The statutory provision for all who cannot support themselves had now existed for upwards of 280 years. There was no considerable increase of population in England from the period when the Poor Laws were established up to the middle of the eighteenth century. Its people have been distinguished for their industry, thrift, and forethought. No other nation has furnished such unquestionable proofs of the prevalence of a provident and independent spirit. From the year 1601, when the Act 43 Elizabeth, the foundation of the old code of Poor Laws, was put in force, to the commencement of the war with Napoleon, there had been scarcely any increase of pauperism. In 1815 there were 925,439 individuals in England and Wales, being about one-eleventh of the then existing population, members of friendly societies, formed for the express purpose of affording protection to the members in sickness and old age, and enabling them to subsist without resorting to the parish fund. It may be asked, How was this state of things compatible with the right to support at the expense of the parish which the law gave to the destitute? The answer is, that the exercise of that right was subjected to the most powerful checks, and restricted in every possible way. In 1723 an Act was passed authorising the church-wardens and overseers, with the consent of the parishioners, to establish a workhouse in each parish; and it was at the same time enacted that the overseers should be entitled to refuse relief to all who did not choose to accept it in the workhouse, and to submit to all its regulations. In consequence of this Act workhouses were erected in many parishes, and they had an immediate and striking effect in reducing the number of paupers. Many who had previously received pensions from the parish preferred depending on their own exertions rather than take up their abode in the workhouse.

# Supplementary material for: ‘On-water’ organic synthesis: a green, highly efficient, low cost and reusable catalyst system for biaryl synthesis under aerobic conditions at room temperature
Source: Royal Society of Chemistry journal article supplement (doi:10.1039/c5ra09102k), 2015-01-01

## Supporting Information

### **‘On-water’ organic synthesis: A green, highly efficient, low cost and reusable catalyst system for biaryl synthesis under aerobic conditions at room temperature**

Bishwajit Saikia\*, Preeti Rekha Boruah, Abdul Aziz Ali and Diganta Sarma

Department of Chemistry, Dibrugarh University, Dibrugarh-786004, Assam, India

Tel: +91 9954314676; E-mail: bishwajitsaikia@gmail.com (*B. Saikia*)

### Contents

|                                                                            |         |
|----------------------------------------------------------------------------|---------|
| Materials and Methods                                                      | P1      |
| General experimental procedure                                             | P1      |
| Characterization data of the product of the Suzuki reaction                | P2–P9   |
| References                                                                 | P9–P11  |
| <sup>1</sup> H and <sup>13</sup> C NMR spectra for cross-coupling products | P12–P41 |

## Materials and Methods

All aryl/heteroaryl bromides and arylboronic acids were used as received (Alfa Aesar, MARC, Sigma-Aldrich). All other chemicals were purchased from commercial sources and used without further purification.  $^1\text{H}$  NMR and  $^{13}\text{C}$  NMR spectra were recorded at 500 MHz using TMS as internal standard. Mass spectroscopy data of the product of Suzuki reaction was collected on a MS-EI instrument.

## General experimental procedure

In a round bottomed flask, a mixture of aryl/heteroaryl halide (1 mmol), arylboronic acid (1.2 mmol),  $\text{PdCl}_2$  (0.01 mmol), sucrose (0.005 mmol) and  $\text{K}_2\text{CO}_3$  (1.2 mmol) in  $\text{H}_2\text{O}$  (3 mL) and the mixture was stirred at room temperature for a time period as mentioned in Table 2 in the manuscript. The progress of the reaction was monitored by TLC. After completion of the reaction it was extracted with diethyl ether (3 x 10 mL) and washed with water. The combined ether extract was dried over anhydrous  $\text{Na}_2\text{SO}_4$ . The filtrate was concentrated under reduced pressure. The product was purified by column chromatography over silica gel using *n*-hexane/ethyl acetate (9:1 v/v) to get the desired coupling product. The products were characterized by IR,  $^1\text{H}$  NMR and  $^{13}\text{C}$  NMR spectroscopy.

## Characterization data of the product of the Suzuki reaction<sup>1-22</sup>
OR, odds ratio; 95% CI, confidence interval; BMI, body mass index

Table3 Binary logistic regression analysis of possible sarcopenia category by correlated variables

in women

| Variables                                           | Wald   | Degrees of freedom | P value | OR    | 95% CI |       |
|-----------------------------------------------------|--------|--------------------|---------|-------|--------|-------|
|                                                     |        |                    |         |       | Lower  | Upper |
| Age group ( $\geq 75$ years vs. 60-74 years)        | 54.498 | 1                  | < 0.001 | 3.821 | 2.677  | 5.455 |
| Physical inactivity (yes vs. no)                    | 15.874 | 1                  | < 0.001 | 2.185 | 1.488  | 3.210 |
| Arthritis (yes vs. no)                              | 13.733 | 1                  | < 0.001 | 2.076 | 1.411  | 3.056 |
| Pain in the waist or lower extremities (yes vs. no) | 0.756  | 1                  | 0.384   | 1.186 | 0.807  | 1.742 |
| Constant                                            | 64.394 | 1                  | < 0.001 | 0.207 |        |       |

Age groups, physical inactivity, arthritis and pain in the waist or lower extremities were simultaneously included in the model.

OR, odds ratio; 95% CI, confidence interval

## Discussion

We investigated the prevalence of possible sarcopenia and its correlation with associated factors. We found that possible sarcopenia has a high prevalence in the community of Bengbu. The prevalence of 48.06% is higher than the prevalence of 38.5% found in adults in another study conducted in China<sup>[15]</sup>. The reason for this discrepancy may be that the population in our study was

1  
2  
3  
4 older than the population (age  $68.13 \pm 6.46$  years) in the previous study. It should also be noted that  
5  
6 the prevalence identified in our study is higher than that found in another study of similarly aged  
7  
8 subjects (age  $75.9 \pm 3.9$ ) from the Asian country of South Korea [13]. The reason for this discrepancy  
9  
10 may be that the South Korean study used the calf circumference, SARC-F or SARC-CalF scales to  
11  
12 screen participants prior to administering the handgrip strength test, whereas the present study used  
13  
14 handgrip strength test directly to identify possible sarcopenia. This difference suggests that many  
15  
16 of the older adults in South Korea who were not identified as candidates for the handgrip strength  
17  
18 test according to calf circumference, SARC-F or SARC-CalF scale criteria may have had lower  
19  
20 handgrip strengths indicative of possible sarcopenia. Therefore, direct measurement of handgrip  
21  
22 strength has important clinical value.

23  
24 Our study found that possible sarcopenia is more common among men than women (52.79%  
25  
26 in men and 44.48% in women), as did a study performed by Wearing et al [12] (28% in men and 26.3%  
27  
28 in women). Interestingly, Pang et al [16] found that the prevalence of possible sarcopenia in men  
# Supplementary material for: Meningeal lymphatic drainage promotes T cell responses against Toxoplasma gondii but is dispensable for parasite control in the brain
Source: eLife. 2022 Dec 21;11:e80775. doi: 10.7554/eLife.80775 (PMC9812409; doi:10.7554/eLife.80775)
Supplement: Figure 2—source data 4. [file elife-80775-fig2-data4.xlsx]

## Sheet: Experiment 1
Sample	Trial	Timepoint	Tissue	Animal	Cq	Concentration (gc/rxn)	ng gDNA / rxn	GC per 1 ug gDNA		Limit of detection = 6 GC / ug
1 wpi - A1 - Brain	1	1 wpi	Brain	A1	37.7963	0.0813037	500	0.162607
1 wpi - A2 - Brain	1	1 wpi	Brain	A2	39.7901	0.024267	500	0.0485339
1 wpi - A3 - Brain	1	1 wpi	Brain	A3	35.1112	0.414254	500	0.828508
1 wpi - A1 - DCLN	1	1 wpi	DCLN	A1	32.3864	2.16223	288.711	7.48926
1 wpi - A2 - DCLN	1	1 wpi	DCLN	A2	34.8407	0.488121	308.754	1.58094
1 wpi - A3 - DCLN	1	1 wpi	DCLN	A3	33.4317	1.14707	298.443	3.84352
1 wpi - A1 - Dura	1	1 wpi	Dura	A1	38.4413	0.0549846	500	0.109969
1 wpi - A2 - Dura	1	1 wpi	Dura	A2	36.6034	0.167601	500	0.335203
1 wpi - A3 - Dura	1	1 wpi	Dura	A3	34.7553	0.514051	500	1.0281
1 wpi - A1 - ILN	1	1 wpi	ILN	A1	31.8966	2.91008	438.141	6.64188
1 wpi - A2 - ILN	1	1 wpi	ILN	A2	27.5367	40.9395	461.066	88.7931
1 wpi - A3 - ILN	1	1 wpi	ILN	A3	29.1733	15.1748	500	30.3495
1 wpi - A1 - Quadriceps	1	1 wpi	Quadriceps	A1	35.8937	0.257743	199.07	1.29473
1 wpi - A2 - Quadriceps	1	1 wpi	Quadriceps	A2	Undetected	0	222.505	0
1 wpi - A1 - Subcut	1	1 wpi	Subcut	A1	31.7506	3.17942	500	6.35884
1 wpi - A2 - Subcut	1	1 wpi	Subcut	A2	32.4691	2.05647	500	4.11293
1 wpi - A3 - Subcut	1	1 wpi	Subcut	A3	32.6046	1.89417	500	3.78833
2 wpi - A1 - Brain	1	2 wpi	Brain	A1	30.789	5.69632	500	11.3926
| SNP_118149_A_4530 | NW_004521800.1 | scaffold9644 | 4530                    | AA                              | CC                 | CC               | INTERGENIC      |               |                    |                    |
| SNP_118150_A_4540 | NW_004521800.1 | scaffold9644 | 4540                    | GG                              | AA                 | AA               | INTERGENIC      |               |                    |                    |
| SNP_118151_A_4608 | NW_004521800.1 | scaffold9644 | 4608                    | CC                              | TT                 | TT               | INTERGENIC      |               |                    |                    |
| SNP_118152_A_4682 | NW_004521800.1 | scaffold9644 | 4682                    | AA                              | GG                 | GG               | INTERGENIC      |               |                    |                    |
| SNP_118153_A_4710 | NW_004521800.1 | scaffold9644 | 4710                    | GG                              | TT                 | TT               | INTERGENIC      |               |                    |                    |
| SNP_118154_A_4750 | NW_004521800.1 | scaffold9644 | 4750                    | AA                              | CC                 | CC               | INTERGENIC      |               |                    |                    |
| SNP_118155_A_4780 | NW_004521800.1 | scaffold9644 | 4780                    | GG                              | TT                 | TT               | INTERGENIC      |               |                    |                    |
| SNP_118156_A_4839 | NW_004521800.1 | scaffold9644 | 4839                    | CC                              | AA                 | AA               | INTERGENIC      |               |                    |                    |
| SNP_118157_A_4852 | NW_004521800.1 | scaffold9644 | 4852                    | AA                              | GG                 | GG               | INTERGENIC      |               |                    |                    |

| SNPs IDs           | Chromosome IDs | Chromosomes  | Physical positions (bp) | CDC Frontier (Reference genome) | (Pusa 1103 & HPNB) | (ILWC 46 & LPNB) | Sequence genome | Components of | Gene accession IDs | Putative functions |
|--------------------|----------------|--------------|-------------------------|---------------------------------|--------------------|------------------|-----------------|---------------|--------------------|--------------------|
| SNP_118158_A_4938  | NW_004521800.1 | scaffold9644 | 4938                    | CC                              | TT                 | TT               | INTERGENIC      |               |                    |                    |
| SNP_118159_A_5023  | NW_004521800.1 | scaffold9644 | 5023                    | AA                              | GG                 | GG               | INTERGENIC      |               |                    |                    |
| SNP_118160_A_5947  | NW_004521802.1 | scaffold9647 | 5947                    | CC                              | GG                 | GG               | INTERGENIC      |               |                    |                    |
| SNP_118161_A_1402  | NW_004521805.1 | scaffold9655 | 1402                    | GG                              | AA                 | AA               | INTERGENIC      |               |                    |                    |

[See larger version]Howe, who, with seven thousand soldiers and more than one thousand sailors, did not feel himself safe at New York till the new reinforcements should arrive, sailed away to Halifaxa circumstance which gave the appearance of a retreat to his change of locality, and had thus a bad effect in more ways than one. Washington, who was informed of his final destination, immediately marched with the greater part of his army to New York, and thence went himself to Philadelphia to concert future measures with the Congress. This body, in commemoration of the surrender of Boston, ordered a medal to be struck in honour of it, and that it should bear the effigy of Washington, with the title of the Asserter of the Liberties of his Country. The medal was cast in France.